A popular open-source implementation of MapReduce comes in the form of Apache Hadoop, a software solution which can process large data sets across clusters of computers using simple programming models. It allows companies to collate data and analyse it using specific questions. Google, Dell, IBM, Microsoft and Oracle already offer commercial implementations of Hadoop and provide support for them. While the Hadoop software is very complex to use, the October launch of Hadoop 2.0 – now on general release – has encouraged start-ups and established companies to create tools to change that. This represents an important step towards finding big data analysis solutions.

Big data applications

With the aid of this new generation of software, the shop floor becomes a highly automated environment, ideal for leveraging big data.

Predictive diagnosis is one of the main big data applications for manufacturing. Identifying possible patterns in product quality, manufacturing data and service reports represent just some uses of big data on at the cutting edge of production engineering.

For example, manufacturers will be able to analyse years of past data and examine production variations to see whether they were followed by outages. This type of application can enable extremely useful predictive diagnosis. Big data also holds the potential for manufacturers to uncover looming business trends and improve responsiveness to them.

Internally, one of the biggest benefits of using big data is the ability to collect information from the system and identify poor performances or signs of equipment deterioration. Automation and manufacturing problems could then be detected, diagnosed and resolved, without any interruptions in the production process. Power or plant condition monitoring could also predict failures and equipment fatigue by analysing historical data. As such, big data applications have the potential to significantly reduce maintenance and downtime costs.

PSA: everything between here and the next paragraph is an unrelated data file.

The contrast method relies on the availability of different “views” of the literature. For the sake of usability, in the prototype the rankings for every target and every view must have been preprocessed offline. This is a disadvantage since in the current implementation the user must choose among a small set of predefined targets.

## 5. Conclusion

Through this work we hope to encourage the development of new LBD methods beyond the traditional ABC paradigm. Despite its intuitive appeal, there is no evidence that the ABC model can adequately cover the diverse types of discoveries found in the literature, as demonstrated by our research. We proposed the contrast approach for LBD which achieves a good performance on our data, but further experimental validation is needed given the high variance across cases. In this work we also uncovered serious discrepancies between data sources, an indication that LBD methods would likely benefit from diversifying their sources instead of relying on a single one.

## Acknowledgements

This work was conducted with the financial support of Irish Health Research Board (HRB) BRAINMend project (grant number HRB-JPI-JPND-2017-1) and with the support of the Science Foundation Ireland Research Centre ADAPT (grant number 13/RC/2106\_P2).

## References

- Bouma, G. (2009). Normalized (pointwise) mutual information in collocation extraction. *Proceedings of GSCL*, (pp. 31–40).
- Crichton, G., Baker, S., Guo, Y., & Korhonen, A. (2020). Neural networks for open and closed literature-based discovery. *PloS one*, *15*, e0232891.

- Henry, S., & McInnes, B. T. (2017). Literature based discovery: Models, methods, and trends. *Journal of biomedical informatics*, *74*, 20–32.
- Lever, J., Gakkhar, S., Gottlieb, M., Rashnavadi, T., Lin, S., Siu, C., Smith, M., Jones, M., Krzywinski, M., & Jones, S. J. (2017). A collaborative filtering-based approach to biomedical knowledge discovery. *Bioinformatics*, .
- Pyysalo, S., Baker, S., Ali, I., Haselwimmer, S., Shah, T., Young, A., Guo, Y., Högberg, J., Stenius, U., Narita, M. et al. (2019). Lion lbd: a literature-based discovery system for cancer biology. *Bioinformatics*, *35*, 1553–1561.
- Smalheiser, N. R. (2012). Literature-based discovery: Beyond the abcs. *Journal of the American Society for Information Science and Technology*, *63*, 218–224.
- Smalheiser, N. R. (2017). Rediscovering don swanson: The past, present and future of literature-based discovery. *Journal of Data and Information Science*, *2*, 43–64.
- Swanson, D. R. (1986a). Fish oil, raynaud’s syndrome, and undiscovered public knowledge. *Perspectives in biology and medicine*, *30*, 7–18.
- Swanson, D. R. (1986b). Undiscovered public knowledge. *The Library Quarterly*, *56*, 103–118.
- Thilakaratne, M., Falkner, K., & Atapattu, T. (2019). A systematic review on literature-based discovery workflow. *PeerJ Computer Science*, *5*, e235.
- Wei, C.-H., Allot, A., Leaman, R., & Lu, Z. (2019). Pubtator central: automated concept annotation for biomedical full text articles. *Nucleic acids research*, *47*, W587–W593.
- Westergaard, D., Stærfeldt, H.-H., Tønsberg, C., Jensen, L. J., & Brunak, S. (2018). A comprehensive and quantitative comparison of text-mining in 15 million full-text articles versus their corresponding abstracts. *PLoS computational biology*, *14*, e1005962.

Finally, industrial automation companies can use big data from process measurement sources to identify where production improvements can be made. The information collected from meters, drivers, intelligent starters or motor control centres can allow the optimisation of complex system behaviours. By observing causal factors for quality issues, process variability and energy efficiency through the manufacturing process, big data analysis becomes the basis for gaining a competitive advantage.

To achieve this, companies have to find a highly personalised solution that turns big data into a valuable source of market insight information, predictive analysis and operation management.

Getting ready for big data

Faced with the big data challenge, we here at European Automation has been making conscious efforts to focus on collecting and analysing the right data. The first step is to determine what we want to find out and which information is relevant to that particular issue.

For example, if the purpose is to learn more about what areas our services need improving, we go to our customer survey and feedback forms. If, on the other hand, we want to know what types of automation parts we need to stock up on, we look at sales records to identify key products and we check our lean warehouse database.

European Automation has taken the first steps towards developing a high performance data analysis algorithm, but we’re still only at the beginning of the road. However, we are starting to see the advantages of using big sets of data to gain priceless market insight.

Looking at our sales and the trending products, we estimate that in the next couple of years, more industrial automation companies will look in the direction of big data to increase production efficiency, become more agile and boost sales. Big data is the factor that, much like the Dude’s rug in The Big Lebowski, will tie all these things together.

This entry was posted in Uncategorized. Bookmark the permalink.

Leave a Reply

Your email address will not be published. Required fields are marked *

You may use these HTML tags and attributes: <a href="" title=""> <abbr title=""> <acronym title=""> <b> <blockquote cite=""> <cite> <code> <del datetime=""> <em> <i> <q cite=""> <strike> <strong>